1. First yuga: Khagendranātha; Consort: Vijāhutī; Disciples: Vimala and Suśobha;
  2. Second yuga: Kūrmanātha; Consort: Maṅgalājyotī; Disciples: Ajita and Vijita;
  3. Third yuga: Meṣanātha; Consort: Kāmāṅgā; Disciples: Khakulanātha and more than 64 Kulas.
  4. Fourth yuga: Mīnanātha; Consort: Kuṃkumā; Disciples: twelve princes.

To this fourth yuga belongs the Tradition of Oṃ (oṃvallī) founded by Mīnanātha, also called Piṅgalanātha, who obtained the knowledge of the Kulaśāstra which was thrown into the ocean by Kārttikeya. His consort was the princess Kuṃkumā (Kuṅkumā) from whom were born twelve princes; six of these were: Bhadra, Amarapāda, Mahendra, Khagendra, Mahīdhara and Guṇḍikanātha. These princes were said to have no authority to teach, while the six others, listed below did teach and were the founders of six traditions (ovallī): Amara, Varadeva, Citranātha, Olinātha, Vṛddhanātha, Guḍikanātha.

Shaivism book cover
context information

Shaiva (शैव, śaiva) or Shaivism (śaivism) represents a tradition of Hinduism worshiping Shiva as the supreme being. Closely related to Shaktism, Shaiva literature includes a range of scriptures, including Tantras, while the root of this tradition may be traced back to the ancient Vedas.

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General definition (in Hinduism)

[«previous next»] — Purvamnaya in Hinduism glossary
Source: Hindupedia: The Hindu Encyclopedia

The Purvamnaya contains Vidyās for

  • three gurus sva-guru, parama-guru and paramesthi-guru
  • four peethas or seats of Devi, called Kāmagiri, Purnagiri, Jalandhara and Odyana
  • Gaṇapati, various forms of Śyāmala, Mrityunjaya, Pratyangira
Source: bhagavadgitausa.com: Sadasiva

The East Face (of Sadasiva) represents Purvamnaya, East Doctrine, which is concerned with creation, Mantra Yoga Marga, and 24 Tattvas. Purvam + Aamnaaya = East + tradition, sacred Text, legend. Each mantra has its guardian deity, who confers benevolence to the chanter. All the lesser gods and goddesses are the emanations of Siva and Sakti.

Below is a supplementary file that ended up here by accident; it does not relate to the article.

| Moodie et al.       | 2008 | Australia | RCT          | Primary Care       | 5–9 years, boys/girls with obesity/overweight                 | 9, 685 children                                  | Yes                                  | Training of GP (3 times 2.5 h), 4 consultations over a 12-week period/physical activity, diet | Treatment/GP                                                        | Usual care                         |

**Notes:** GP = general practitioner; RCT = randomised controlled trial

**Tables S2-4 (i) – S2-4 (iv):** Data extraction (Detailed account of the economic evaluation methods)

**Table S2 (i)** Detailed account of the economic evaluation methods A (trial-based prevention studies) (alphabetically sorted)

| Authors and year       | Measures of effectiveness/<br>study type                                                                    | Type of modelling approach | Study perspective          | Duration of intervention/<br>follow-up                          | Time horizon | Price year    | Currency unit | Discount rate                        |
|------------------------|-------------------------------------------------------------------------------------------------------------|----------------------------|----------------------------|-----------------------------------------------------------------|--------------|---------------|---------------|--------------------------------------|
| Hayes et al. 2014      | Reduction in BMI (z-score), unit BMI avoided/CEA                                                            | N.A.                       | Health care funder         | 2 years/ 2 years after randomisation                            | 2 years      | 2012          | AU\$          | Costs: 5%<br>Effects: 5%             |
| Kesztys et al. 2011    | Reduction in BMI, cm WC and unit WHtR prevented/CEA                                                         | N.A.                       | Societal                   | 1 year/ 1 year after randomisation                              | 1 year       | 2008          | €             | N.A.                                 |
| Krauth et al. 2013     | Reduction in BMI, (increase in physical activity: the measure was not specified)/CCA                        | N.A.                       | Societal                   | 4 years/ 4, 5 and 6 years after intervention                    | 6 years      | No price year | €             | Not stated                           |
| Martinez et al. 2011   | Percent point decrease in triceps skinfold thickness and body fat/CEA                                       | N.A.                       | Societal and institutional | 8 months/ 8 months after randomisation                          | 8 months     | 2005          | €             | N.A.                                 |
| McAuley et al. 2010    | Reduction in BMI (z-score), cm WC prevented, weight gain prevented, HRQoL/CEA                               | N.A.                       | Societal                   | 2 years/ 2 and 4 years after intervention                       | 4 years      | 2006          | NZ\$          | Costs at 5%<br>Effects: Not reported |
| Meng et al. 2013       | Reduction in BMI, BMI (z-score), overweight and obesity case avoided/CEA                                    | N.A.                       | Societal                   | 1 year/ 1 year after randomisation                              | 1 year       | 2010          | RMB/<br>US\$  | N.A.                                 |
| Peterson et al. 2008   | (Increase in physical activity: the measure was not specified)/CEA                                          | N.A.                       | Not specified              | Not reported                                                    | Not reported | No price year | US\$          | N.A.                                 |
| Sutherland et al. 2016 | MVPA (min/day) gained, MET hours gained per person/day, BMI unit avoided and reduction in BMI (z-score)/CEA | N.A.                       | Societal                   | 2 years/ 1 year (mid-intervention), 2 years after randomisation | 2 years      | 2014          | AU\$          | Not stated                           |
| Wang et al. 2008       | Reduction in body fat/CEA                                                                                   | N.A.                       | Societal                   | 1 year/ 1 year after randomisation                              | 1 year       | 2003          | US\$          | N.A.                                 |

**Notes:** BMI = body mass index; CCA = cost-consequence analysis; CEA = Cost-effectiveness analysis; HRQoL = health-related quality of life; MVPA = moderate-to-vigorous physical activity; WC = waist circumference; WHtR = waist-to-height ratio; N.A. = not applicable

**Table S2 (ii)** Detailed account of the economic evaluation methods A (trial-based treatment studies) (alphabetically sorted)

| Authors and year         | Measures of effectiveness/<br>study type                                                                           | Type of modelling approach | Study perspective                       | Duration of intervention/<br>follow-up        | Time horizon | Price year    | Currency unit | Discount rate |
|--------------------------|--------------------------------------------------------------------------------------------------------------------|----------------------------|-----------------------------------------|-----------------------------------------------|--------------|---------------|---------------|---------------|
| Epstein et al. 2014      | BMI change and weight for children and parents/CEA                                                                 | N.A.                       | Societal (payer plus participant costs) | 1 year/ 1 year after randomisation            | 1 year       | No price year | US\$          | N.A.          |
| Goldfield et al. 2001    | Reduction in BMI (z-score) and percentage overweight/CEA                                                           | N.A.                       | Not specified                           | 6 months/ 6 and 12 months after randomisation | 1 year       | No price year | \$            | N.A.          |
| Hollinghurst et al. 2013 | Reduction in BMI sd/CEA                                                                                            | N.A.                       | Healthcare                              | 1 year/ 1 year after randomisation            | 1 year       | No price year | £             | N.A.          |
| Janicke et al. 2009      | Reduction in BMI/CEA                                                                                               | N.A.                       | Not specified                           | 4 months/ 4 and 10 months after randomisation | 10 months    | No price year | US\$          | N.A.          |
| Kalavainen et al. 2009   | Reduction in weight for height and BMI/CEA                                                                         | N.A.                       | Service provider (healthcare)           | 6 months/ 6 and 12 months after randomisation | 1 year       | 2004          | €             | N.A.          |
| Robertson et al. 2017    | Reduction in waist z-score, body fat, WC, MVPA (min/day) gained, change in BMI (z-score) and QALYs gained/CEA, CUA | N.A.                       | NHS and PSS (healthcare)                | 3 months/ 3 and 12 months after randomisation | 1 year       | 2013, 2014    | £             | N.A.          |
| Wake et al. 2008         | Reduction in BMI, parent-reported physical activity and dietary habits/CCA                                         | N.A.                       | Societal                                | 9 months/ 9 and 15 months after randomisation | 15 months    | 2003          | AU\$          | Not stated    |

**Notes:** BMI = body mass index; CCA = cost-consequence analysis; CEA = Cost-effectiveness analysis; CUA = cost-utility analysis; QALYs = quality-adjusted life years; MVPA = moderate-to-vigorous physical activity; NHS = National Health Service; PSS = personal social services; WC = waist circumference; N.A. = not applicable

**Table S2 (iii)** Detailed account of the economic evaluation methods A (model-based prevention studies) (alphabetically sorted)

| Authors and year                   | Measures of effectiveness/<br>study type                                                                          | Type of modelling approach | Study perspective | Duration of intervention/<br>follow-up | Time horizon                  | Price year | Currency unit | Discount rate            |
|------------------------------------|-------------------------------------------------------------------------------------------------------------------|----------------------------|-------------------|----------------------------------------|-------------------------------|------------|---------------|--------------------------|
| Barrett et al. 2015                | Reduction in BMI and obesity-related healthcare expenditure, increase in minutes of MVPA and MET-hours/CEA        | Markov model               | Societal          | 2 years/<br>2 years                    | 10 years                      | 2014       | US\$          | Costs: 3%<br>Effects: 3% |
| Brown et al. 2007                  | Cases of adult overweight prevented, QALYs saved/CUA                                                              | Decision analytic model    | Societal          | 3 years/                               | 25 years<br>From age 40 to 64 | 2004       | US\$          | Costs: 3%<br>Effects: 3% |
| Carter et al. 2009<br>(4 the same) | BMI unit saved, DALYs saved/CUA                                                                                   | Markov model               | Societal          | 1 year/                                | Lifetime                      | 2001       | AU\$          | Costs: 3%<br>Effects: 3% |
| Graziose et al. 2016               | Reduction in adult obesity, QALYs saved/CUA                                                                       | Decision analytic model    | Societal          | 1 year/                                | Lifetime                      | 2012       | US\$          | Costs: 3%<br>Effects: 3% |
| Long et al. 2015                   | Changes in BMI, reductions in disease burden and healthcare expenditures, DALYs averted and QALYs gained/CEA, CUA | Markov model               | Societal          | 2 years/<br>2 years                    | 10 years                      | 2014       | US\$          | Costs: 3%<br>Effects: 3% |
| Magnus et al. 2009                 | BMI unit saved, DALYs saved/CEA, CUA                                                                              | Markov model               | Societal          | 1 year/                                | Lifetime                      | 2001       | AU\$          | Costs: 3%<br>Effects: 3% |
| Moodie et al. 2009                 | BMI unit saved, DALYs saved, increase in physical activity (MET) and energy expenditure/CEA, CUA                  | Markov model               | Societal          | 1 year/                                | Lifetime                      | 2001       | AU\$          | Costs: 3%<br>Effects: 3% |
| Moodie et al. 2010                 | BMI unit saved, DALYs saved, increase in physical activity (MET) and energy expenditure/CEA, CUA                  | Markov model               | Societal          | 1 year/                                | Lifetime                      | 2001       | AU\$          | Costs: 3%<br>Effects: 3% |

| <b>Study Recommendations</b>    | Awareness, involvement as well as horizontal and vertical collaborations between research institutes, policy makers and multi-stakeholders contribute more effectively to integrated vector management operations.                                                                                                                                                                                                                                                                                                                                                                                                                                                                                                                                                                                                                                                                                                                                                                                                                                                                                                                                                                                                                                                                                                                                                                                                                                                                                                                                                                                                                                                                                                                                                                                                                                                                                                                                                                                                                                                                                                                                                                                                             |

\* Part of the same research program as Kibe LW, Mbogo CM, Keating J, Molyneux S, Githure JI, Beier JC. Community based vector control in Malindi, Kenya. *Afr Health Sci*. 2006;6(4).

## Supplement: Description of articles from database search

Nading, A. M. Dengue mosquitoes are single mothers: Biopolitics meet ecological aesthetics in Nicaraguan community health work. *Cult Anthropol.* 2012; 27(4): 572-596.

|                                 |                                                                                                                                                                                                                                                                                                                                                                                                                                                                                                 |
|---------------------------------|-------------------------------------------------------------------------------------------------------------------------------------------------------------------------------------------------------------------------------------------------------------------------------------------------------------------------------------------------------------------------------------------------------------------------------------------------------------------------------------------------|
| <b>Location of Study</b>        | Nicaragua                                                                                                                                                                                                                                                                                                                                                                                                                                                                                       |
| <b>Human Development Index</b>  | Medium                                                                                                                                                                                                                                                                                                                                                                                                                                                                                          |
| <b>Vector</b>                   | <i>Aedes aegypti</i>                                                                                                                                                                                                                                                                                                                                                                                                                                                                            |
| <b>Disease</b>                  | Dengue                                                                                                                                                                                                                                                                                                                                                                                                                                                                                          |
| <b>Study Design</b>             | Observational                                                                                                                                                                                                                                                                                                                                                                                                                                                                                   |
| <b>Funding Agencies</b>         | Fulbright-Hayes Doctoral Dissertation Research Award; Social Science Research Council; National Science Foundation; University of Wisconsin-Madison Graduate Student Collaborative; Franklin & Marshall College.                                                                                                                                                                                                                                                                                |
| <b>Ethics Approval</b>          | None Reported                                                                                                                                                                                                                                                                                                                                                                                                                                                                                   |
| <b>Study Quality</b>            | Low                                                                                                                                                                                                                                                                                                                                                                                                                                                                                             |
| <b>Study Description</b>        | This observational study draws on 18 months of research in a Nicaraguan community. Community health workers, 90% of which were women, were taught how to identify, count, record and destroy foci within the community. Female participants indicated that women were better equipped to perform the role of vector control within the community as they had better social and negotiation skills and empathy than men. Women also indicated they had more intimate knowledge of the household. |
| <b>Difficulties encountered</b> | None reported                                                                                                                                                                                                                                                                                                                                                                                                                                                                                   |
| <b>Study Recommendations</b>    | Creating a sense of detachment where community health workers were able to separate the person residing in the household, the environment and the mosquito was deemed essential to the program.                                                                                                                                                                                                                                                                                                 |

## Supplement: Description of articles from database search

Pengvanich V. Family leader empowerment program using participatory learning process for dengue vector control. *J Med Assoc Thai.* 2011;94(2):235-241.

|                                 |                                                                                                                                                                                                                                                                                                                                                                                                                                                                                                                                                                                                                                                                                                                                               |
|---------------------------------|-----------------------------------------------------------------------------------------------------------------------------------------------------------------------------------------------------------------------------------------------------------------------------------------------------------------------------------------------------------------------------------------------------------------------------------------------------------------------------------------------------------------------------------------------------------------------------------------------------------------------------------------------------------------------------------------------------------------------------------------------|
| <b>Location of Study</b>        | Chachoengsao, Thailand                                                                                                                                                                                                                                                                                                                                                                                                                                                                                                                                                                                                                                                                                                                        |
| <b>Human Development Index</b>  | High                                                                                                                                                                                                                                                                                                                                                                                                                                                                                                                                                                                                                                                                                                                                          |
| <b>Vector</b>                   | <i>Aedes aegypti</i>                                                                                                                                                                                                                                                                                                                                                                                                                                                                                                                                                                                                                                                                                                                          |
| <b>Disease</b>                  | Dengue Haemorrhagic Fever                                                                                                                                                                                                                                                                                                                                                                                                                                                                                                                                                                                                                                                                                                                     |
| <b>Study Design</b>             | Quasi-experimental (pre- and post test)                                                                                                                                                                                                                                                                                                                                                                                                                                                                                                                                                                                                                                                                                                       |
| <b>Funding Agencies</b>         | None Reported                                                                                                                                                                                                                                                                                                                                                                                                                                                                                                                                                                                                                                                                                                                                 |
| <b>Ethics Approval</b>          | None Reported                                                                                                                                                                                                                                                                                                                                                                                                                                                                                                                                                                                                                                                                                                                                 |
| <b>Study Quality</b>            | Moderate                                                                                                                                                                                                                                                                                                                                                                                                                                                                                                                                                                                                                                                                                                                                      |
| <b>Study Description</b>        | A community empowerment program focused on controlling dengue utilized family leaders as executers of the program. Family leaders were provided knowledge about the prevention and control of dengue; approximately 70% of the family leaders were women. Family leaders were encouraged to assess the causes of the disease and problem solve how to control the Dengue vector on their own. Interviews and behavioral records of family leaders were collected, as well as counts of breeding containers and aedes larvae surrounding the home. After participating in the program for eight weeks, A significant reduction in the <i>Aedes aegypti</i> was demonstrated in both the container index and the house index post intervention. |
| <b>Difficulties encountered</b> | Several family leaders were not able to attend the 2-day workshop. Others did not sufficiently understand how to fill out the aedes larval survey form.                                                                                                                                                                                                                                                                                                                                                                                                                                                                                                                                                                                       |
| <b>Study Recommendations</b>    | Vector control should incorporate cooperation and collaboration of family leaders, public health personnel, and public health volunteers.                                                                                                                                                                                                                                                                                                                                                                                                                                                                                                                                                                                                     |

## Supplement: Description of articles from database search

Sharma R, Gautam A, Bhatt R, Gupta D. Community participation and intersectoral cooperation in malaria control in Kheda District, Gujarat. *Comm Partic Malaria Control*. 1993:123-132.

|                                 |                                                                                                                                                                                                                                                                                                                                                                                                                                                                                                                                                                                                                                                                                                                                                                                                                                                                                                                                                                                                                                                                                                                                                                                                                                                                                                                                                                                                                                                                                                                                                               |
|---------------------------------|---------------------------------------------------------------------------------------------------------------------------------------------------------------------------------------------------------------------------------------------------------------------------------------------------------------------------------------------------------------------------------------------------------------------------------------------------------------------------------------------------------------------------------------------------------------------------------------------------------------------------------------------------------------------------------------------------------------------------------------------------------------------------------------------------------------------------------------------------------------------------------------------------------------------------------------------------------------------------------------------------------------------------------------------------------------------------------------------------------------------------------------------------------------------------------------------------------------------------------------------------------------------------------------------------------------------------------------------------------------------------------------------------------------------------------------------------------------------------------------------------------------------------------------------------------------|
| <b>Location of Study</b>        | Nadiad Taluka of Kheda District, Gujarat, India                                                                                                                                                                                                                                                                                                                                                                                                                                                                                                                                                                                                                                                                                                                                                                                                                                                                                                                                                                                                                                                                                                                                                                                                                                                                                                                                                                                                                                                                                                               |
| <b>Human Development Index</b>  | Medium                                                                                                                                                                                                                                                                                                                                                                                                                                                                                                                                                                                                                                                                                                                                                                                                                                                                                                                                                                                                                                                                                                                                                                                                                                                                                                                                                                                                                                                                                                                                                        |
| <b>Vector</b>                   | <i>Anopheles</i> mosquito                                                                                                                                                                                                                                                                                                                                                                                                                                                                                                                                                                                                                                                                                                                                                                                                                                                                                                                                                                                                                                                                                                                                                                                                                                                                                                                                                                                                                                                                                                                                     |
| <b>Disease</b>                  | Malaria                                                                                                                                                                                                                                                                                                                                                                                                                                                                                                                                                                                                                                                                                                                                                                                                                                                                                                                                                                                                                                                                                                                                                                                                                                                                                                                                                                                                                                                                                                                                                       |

The East Face (facing front) is of pearly lustrous complexion with three eyes and a crescent moon on the crown; the Devis, Annapurna, Bhuvanesvari, Lakshmi, Lalita, Mahalakshmi, Nitya, Padma, Sarasvati, Shulini, Triputa, Tvaita, Vagvadini, Vajraprastarim received Mantras and appropriate rites from the East Face. 

Languages of India and abroad

Sanskrit dictionary

[«previous next»] — Purvamnaya in Sanskrit glossary
Source: Cologne Digital Sanskrit Dictionaries: Aufrecht Catalogus Catalogorum

Pūrvāmnāya (पूर्वाम्नाय) as mentioned in Aufrecht’s Catalogus Catalogorum:—tantra attributed to Ratnadeva. Rep. p. 17.

context information

Sanskrit, also spelled संस्कृतम् (saṃskṛtam), is an ancient language of India commonly seen as the grandmother of the Indo-European language family (even English!). Closely allied with Prakrit and Pali, Sanskrit is more exhaustive in both grammar and terms and has the most extensive collection of literature in the world, greatly surpassing its sister-languages Greek and Latin.

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See also (Relevant definitions)